5 Steps for Calculating Tax Gross-up

  1. Decide on which formula you want to use: The Flat Method, The Supplemental/Inverse Method, or The Marginal/Inverse Method.
  2. Review common relocation tax mistakes to avoid, that if not done correctly, can result in a critical error.
  3. Determine if your company should handle relocation tax itself or give the job to a trusted advisor.
  4. Work with an experienced global mobility management company that can efficiently handle all aspects of a your mobility program.
  5. For more information in eliminating tax errors and omissions, partner with a good global relocation company that will track expenses and submit accurate reports of taxable costs and help to calculate tax gross-up.

Mishandling Tax Gross-up

When done properly, a tax gross-up can reduce the tax burden on a transferee and offer consistency in records and paperwork to better prepare both the employee and employer for tax filing. That said, if not done correctly, a relocation tax gross-up can result in the following problems:

  • Extra work and time (read: increased company expenses) as well as frustration for your accounting and HR departments as they need to take the time and effort to go back into their records to recalculate and correct mistakes and possibly issue W-2C forms.
  • Failing to offer a tax gross-up for relocation expenses or miscalculating it can diminish employee morale due to being unfairly taxed, resulting in lowered productivity and retention rates.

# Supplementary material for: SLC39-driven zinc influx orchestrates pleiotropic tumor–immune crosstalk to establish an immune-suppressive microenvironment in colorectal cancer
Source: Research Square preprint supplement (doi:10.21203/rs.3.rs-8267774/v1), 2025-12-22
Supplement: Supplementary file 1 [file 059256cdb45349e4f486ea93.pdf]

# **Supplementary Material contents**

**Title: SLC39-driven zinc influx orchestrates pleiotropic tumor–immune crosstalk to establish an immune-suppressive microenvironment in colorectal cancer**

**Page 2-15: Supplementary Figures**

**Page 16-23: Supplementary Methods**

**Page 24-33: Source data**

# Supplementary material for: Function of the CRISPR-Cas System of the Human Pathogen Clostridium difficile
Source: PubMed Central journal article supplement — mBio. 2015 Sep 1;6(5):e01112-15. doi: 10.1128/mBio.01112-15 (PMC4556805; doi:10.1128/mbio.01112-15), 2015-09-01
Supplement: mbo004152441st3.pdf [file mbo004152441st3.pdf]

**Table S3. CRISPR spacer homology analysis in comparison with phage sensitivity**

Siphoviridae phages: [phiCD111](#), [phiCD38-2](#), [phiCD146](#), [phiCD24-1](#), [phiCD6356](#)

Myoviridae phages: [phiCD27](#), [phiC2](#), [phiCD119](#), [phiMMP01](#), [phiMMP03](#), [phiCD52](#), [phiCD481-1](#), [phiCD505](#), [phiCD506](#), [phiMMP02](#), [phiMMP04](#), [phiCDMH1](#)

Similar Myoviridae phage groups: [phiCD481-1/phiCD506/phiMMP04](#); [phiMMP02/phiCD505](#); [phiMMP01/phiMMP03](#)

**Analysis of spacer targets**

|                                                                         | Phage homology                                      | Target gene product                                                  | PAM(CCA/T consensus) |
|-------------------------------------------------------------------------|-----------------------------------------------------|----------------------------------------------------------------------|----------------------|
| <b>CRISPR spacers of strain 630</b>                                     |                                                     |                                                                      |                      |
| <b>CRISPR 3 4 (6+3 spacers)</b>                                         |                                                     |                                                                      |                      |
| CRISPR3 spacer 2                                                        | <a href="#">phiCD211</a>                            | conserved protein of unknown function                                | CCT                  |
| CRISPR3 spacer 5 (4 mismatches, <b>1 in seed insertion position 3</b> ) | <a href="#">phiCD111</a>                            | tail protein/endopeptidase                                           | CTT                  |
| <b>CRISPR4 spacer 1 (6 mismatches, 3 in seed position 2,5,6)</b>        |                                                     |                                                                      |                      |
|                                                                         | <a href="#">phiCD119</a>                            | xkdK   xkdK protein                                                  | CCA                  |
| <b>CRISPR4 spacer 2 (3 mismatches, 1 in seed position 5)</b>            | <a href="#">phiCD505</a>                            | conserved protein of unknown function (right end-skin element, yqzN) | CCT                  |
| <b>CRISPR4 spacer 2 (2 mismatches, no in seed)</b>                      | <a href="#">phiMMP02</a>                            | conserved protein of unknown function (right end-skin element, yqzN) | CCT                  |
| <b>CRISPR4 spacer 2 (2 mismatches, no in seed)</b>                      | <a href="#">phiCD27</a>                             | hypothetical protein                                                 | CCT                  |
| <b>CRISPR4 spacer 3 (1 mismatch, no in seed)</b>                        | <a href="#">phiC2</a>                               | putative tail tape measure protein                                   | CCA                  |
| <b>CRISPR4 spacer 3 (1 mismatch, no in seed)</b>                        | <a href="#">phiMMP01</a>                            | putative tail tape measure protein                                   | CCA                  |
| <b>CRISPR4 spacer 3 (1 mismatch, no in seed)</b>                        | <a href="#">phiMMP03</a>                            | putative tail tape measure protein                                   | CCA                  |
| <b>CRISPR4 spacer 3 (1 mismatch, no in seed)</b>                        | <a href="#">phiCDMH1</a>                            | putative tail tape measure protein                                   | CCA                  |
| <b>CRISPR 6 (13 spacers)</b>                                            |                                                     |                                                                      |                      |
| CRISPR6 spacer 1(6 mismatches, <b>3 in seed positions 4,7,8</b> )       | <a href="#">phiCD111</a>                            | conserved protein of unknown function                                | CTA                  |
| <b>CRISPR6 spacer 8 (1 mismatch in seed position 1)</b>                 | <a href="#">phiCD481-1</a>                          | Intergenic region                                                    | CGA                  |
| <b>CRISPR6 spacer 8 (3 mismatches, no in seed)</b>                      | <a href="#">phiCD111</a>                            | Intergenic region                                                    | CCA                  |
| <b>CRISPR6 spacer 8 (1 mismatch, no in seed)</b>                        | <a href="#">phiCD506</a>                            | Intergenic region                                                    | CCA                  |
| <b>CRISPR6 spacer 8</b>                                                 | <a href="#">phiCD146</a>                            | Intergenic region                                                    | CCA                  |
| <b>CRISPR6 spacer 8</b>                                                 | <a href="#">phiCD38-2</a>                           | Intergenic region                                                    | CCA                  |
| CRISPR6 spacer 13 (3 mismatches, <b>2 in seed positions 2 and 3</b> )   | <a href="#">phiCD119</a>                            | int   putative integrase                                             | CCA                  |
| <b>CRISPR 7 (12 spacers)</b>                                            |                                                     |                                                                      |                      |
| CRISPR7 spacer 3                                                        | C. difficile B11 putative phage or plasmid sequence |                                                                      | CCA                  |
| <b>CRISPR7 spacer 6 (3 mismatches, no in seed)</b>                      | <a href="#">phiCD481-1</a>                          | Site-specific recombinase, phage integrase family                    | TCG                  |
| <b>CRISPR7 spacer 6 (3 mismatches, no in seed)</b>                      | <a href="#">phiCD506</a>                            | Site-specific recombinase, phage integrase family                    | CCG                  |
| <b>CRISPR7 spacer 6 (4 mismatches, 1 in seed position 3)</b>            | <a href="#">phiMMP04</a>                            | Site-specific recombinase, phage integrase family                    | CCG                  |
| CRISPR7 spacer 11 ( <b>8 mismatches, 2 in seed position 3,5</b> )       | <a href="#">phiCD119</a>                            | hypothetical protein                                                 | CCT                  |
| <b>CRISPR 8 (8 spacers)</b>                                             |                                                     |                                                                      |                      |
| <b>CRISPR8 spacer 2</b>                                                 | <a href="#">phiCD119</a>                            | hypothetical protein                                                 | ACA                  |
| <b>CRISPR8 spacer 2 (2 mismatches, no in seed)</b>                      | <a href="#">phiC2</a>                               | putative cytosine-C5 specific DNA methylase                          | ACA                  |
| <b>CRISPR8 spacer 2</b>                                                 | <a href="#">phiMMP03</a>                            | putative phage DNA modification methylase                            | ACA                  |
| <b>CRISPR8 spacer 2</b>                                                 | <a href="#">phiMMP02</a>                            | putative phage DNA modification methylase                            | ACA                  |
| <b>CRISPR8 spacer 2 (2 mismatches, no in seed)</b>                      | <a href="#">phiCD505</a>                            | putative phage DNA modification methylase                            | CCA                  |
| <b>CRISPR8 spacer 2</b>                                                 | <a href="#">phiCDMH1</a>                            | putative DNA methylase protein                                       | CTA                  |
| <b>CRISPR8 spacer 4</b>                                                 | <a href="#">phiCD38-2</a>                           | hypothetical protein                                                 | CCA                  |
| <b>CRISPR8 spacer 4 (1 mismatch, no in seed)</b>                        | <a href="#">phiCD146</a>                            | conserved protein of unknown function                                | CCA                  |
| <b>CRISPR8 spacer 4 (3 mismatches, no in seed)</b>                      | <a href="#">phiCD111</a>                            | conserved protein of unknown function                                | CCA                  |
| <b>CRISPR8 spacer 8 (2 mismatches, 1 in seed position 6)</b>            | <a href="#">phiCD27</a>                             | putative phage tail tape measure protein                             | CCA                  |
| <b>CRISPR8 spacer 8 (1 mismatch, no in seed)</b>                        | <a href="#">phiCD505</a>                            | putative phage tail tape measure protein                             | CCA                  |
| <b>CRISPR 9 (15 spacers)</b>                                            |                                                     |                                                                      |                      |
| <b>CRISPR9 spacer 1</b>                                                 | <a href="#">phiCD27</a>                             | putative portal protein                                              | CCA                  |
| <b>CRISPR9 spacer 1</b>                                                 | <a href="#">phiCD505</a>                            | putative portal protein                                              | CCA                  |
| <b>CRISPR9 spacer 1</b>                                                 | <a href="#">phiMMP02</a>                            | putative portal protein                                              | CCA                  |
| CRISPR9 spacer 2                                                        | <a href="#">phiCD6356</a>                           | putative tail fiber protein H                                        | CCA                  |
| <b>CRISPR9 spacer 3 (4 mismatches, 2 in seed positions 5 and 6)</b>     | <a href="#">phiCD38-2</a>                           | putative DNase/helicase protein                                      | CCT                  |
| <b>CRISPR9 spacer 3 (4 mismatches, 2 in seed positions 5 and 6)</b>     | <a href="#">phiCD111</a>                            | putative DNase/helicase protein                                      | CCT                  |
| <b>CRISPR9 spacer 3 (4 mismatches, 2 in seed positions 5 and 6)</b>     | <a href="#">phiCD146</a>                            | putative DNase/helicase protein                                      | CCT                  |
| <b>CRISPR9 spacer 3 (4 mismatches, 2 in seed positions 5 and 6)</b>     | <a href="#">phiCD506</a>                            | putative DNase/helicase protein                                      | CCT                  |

• Incorrectly filing may result in an employee having to request an extension for filing a tax return, creating filing delays that could carry penalties.
  • In some cases, the employee may even have to go to the trouble of filing an amended tax return as a result of incorrect W-2 statements.
  • A possible audit and/or tax penalties and other fines, perhaps for your transferee as well as the company.

The IRS has several publications concerning tax consequences of moving expenses, including the gross-up concept, in their Publication 521 "Moving Expenses" and Publication 523 "Selling Your Home." Both are recommended reading for transferees planning a job-related relocation move.

Should Your Company Handle Relocation Tax Itself Or Give The Job To A Pro?

Many corporate accounting and finance departments, while adept at handling day-to-day corporate financial operations and record-keeping, may not have the expertise when it comes to accurately and fairly figuring tax gross-up. Due to the complexity of tax laws and other local, state and federal regulations, turning the work over to a full-service global mobility management company may be beneficial.

The Take-Away:

Working with an experienced global mobility management company that can efficiently handle all aspects of a transfer may prove beneficial in eliminating tax errors and omissions. Among its many services, a good global mobility management services provider will track expenses and submit accurate reports of taxable costs as well as help calculate tax gross-up. As one of your preferred suppliers, a trusted  global mobility management company can give you and your transferees peace of mind – along with a lower tax bill. 

Learn more about the financial aspects of relocations and how to handle them with care from the experts at CapRelo. Discover our global mobility capabilities and how we can assist in your upcoming transitions! 



Download Our Free eBook:  A Guide to Developing Relocation Policies

Although this written communication may address tax issues, it is not a covered opinion as described in Circular 230.  Therefore, to ensure compliance with requirements imposed by the IRS, we inform you that any tax advice contained in this communication (including any attachments), unless expressly stated otherwise, was not intended or written to be used, and cannot be used, for the purpose of (i) avoiding tax-related penalties under the Internal Revenue Code or (ii) promoting, marketing or recommending to another party any tax-related matter(s) addressed herein.